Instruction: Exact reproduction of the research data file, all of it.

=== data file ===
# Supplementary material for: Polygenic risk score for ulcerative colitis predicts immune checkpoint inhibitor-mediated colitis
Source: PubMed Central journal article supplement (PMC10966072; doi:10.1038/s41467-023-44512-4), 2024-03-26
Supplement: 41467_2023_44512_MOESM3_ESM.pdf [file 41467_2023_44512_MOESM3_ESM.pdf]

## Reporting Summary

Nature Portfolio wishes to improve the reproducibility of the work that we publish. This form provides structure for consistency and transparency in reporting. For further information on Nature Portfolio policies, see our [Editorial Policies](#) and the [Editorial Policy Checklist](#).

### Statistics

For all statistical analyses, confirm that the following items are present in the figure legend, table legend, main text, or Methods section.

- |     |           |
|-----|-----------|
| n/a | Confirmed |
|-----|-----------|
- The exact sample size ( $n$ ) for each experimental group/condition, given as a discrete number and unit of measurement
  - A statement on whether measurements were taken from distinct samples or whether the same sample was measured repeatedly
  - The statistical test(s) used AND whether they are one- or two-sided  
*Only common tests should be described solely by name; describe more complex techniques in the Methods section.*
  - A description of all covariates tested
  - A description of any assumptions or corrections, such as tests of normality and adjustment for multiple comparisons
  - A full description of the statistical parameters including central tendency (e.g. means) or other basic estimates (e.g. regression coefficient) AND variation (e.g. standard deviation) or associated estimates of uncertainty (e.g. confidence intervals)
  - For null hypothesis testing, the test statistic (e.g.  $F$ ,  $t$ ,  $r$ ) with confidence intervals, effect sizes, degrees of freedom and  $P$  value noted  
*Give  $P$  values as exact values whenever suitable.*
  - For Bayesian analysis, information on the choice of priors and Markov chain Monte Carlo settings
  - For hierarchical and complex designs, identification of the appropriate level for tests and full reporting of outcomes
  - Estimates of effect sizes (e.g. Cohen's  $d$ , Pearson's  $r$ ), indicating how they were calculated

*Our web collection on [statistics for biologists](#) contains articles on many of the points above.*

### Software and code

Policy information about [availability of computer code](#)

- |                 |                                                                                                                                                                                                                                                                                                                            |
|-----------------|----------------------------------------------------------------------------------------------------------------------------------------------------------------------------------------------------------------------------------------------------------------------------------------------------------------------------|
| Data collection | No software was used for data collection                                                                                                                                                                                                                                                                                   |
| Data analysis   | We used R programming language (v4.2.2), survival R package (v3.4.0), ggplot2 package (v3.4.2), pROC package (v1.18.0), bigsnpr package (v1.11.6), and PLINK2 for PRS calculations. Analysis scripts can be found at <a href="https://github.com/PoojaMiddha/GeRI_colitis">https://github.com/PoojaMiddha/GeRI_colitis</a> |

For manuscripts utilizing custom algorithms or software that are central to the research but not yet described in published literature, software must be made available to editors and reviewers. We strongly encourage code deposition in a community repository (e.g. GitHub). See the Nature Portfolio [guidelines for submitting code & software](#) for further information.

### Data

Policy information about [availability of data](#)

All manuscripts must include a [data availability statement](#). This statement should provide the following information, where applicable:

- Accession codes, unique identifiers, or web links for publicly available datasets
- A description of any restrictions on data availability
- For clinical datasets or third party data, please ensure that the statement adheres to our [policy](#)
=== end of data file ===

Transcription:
# Supplementary material for: Polygenic risk score for ulcerative colitis predicts immune checkpoint inhibitor-mediated colitis
Source: PubMed Central journal article supplement (PMC10966072; doi:10.1038/s41467-023-44512-4), 2024-03-26
Supplement: 41467_2023_44512_MOESM3_ESM.pdf [file 41467_2023_44512_MOESM3_ESM.pdf]

## Reporting Summary

Nature Portfolio wishes to improve the reproducibility of the work that we publish. This form provides structure for consistency and transparency in reporting. For further information on Nature Portfolio policies, see our [Editorial Policies](#) and the [Editorial Policy Checklist](#).

### Statistics

For all statistical analyses, confirm that the following items are present in the figure legend, table legend, main text, or Methods section.

- |     |           |
|-----|-----------|
| n/a | Confirmed |
|-----|-----------|
- The exact sample size ( $n$ ) for each experimental group/condition, given as a discrete number and unit of measurement
  - A statement on whether measurements were taken from distinct samples or whether the same sample was measured repeatedly
  - The statistical test(s) used AND whether they are one- or two-sided  
*Only common tests should be described solely by name; describe more complex techniques in the Methods section.*
  - A description of all covariates tested
  - A description of any assumptions or corrections, such as tests of normality and adjustment for multiple comparisons
  - A full description of the statistical parameters including central tendency (e.g. means) or other basic estimates (e.g. regression coefficient) AND variation (e.g. standard deviation) or associated estimates of uncertainty (e.g. confidence intervals)
  - For null hypothesis testing, the test statistic (e.g.  $F$ ,  $t$ ,  $r$ ) with confidence intervals, effect sizes, degrees of freedom and  $P$  value noted  
*Give  $P$  values as exact values whenever suitable.*
  - For Bayesian analysis, information on the choice of priors and Markov chain Monte Carlo settings
  - For hierarchical and complex designs, identification of the appropriate level for tests and full reporting of outcomes
  - Estimates of effect sizes (e.g. Cohen's  $d$ , Pearson's  $r$ ), indicating how they were calculated

*Our web collection on [statistics for biologists](#) contains articles on many of the points above.*

### Software and code

Policy information about [availability of computer code](#)

- |                 |                                                                                                                                                                                                                                                                                                                            |
|-----------------|----------------------------------------------------------------------------------------------------------------------------------------------------------------------------------------------------------------------------------------------------------------------------------------------------------------------------|
| Data collection | No software was used for data collection                                                                                                                                                                                                                                                                                   |
| Data analysis   | We used R programming language (v4.2.2), survival R package (v3.4.0), ggplot2 package (v3.4.2), pROC package (v1.18.0), bigsnpr package (v1.11.6), and PLINK2 for PRS calculations. Analysis scripts can be found at <a href="https://github.com/PoojaMiddha/GeRI_colitis">https://github.com/PoojaMiddha/GeRI_colitis</a> |

For manuscripts utilizing custom algorithms or software that are central to the research but not yet described in published literature, software must be made available to editors and reviewers. We strongly encourage code deposition in a community repository (e.g. GitHub). See the Nature Portfolio [guidelines for submitting code & software](#) for further information.

### Data

Policy information about [availability of data](#)

All manuscripts must include a [data availability statement](#). This statement should provide the following information, where applicable:

- Accession codes, unique identifiers, or web links for publicly available datasets
- A description of any restrictions on data availability
- For clinical datasets or third party data, please ensure that the statement adheres to our [policy](#)